Have you ever stopped to think about what you are thinking about?
One cold evening, sitting by the fire, having a glass of fine red wine, staring at the flames, my husband and I adventured into a deep and meaningful conversation. A topic from our past… don’t we just love those?
As we were talking, it became clear to me that for some reason this particular conversation keeps coming up in discussion every time we decide to sit down and spend time making an effort to connect, to talk about our week, our aspirations and life in general.
Now, in the normal course of events, because I am only human, this particular topic might make me start to feel a little emotional. However, I’d been teaching all week and one of the topics of focus with the class was ‘Meta Cognition’, meaning not getting too emotionally involved – to practice instead of being the ‘observer of our own thoughts’. This was the perfect time to put this into practice. After all, we are a product of old conditioning and, to create change, we must make the effort to be the observer of our mind, so that we can deconstruct our thoughts and emotions and create new neural pathways to carry our new ones!
So, that’s what I did. And we had a productive conversation. I didn’t get bogged down in emotion. I was actually able to see what was pushing my buttons! I was able to thoughtfully, consciously respond to the conversation, rather than react to it.
The human brain grows as a result of learning, putting our learnings into practice and actually experiencing them. Trying them on for size. Applying the learnings will increase our knowledge and our synaptic connections. Therefore, this changes our physical brain, which automatically changes our emotions and behaviours. Voila, just like that! It’s that simple. You change your brain every time you pay attention.
Attachment and the Developing Social Brain
Neurons that fire together, wire together. Neurons out of sync fail to link.
Our brain requires stimulation and connection to survive and thrive. Connection is the number one human need. Our brain without connection to other brains and without sufficient challenge will dwindle and eventually perish. Social connections and relationships make a better brain. As a result, close supportive relationships stimulate positive emotions, neuroplasticity and learning.
This is why it is of great importance for all teachers, parents, leaders and facilitators to create a positive social experience in a classroom, workshop or at home. Enthusiasm, trust, encouragement and giving someone the benefit of the doubt have been shown to positively impact performance.
Our brains have evolved to pay attention to the behaviours and emotions of others. We as human beings automatically generate a story in our mind, we know what others are thinking, and we assume we know what they know, their motivations and how they are going to behave. As a result, we lose sight of our own motivations and negligence.
Taking our assumptions or thoughts of others is one thing, but trying them on for size is another. It increases our level of connection, attachment and empathy.
Creating the Light Bulb Moment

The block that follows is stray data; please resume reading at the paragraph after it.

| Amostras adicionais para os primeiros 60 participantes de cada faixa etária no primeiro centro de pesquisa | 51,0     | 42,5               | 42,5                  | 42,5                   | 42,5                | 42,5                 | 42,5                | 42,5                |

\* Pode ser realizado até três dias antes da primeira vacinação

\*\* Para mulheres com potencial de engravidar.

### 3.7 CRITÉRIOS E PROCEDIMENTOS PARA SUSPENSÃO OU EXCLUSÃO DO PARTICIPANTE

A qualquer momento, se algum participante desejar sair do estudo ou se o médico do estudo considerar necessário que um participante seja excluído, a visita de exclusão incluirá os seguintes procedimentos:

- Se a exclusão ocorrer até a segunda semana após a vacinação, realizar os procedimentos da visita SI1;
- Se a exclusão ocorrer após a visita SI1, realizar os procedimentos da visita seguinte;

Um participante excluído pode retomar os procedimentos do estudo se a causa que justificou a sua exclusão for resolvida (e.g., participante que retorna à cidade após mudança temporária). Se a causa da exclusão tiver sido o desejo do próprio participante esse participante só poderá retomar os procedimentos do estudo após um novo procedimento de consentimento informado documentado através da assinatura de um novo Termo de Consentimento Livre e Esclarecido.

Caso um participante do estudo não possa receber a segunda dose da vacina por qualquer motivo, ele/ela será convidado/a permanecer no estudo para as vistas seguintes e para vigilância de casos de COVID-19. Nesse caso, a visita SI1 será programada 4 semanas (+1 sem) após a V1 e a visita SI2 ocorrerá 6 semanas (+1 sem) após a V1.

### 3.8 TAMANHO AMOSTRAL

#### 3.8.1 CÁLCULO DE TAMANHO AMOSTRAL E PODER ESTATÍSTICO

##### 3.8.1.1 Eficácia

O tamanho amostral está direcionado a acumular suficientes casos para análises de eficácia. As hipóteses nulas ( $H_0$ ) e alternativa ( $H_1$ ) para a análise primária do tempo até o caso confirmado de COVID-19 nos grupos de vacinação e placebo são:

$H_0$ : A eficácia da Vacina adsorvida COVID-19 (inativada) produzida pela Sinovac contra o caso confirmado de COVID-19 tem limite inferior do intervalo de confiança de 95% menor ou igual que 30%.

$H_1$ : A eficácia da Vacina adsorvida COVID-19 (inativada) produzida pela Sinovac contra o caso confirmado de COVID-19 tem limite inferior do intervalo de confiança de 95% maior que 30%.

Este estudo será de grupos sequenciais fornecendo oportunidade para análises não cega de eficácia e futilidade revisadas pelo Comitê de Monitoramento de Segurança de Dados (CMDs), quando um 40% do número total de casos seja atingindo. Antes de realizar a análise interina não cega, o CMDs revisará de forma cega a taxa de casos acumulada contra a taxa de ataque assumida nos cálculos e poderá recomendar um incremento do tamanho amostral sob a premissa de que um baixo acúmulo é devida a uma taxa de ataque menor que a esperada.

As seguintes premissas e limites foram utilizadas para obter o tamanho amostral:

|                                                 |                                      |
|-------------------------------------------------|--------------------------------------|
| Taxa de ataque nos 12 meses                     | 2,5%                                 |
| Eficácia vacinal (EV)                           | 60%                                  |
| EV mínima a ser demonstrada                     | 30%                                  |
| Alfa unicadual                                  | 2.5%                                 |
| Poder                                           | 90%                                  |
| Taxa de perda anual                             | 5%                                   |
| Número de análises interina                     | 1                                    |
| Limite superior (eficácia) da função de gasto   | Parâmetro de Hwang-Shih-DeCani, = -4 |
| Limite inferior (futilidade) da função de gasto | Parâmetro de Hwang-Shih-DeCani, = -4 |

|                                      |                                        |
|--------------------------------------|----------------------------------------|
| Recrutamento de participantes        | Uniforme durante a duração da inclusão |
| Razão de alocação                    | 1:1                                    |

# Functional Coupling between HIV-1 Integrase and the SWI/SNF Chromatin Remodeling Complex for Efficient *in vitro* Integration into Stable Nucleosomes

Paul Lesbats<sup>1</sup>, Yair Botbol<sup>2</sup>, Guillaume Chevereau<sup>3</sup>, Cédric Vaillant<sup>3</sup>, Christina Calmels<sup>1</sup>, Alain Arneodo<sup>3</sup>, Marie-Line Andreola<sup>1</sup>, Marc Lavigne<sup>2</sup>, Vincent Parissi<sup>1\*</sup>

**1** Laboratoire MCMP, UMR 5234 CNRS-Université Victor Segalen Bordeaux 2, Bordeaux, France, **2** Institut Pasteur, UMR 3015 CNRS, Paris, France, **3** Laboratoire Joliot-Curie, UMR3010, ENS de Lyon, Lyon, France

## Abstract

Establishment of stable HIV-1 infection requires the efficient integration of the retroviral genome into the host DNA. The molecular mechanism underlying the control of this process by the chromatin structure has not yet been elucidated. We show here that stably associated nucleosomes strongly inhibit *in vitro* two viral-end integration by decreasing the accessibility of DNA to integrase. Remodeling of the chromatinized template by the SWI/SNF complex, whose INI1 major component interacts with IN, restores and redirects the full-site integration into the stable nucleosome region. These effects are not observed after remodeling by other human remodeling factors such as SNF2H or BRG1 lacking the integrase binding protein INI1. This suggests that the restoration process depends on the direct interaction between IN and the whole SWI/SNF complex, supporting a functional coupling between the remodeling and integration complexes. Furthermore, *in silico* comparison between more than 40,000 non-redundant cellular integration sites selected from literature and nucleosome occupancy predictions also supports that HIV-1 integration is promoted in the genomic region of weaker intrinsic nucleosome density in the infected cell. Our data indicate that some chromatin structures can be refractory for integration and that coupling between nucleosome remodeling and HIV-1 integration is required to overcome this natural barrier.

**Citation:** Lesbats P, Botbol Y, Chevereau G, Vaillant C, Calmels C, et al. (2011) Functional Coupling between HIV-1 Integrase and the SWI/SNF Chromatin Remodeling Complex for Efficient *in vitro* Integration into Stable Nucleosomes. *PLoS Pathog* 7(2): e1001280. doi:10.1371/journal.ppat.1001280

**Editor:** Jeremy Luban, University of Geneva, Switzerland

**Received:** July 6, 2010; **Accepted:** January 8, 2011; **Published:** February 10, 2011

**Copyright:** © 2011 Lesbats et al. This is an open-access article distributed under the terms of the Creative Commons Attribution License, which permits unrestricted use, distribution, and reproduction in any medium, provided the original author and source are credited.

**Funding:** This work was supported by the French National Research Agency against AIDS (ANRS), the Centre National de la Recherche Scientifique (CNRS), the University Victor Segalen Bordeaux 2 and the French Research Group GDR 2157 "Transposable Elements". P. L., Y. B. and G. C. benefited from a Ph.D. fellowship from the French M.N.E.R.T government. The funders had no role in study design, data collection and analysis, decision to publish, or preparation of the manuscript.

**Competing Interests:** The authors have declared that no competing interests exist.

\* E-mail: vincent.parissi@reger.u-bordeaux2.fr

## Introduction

Our unconscious mind is a very powerful tool. It is how we make our decisions and what makes us do the very thing that creates more of what we don’t want. These unconscious habits have been learned over time. These unconscious habits are the by-product of repetition. Our thoughts and emotions hardwire our brain against changes no matter how much we want to change. So what do we do?
How Do You See the World?
There is this thing called unconscious bias that resides in every one of us. When you make an assumption or decision, how often do you question it? Not often. The reality is that our attitude and behaviour towards others can be influenced by a limiting belief or decision that we learned over time. You see, our brain is hardwired to make unconscious decisions.
Have you ever experienced meeting someone for the first time and it’s as if you have known them forever? Have you ever stopped to think why? This is your unconscious bias at work. For example, every time I meet a French individual, I feel as if I have an instant connection – why? I was born in France and I see French people as passionate individuals who enjoy living life. What impact does that have on my decisions? Well, I may turn a blind eye to their faults and flaws.
Sometimes if I meet someone who is creative, hardworking and we have deep, thought-provoking conversations, I automatically think, yes, they get me. I think we have a connection. Why? Because I am just like that, I work hard and I am creative. But actually, sometimes choosing to work with someone on a particular project who is just like me does not serve me or the outcome. While we might have loads of fun, what I actually need to make headway is someone who is more passive, specific and attentive to detail to get the work done.
It is important for all of us as masters, as teachers and as students to question our own and others’ assumptions, as well as how these might influence their feelings and beliefs. In other words, challenge your thinking.
Unconscious bias – being different – is the new normal. It’s up to you to rewrite the programs of your brain. Neuroplasticity is re-writing your brain pathways to physically change your brain. Only the walls you build yourself confine you. You can remove them.
If you want something you have never had, then you have to do something you have never done.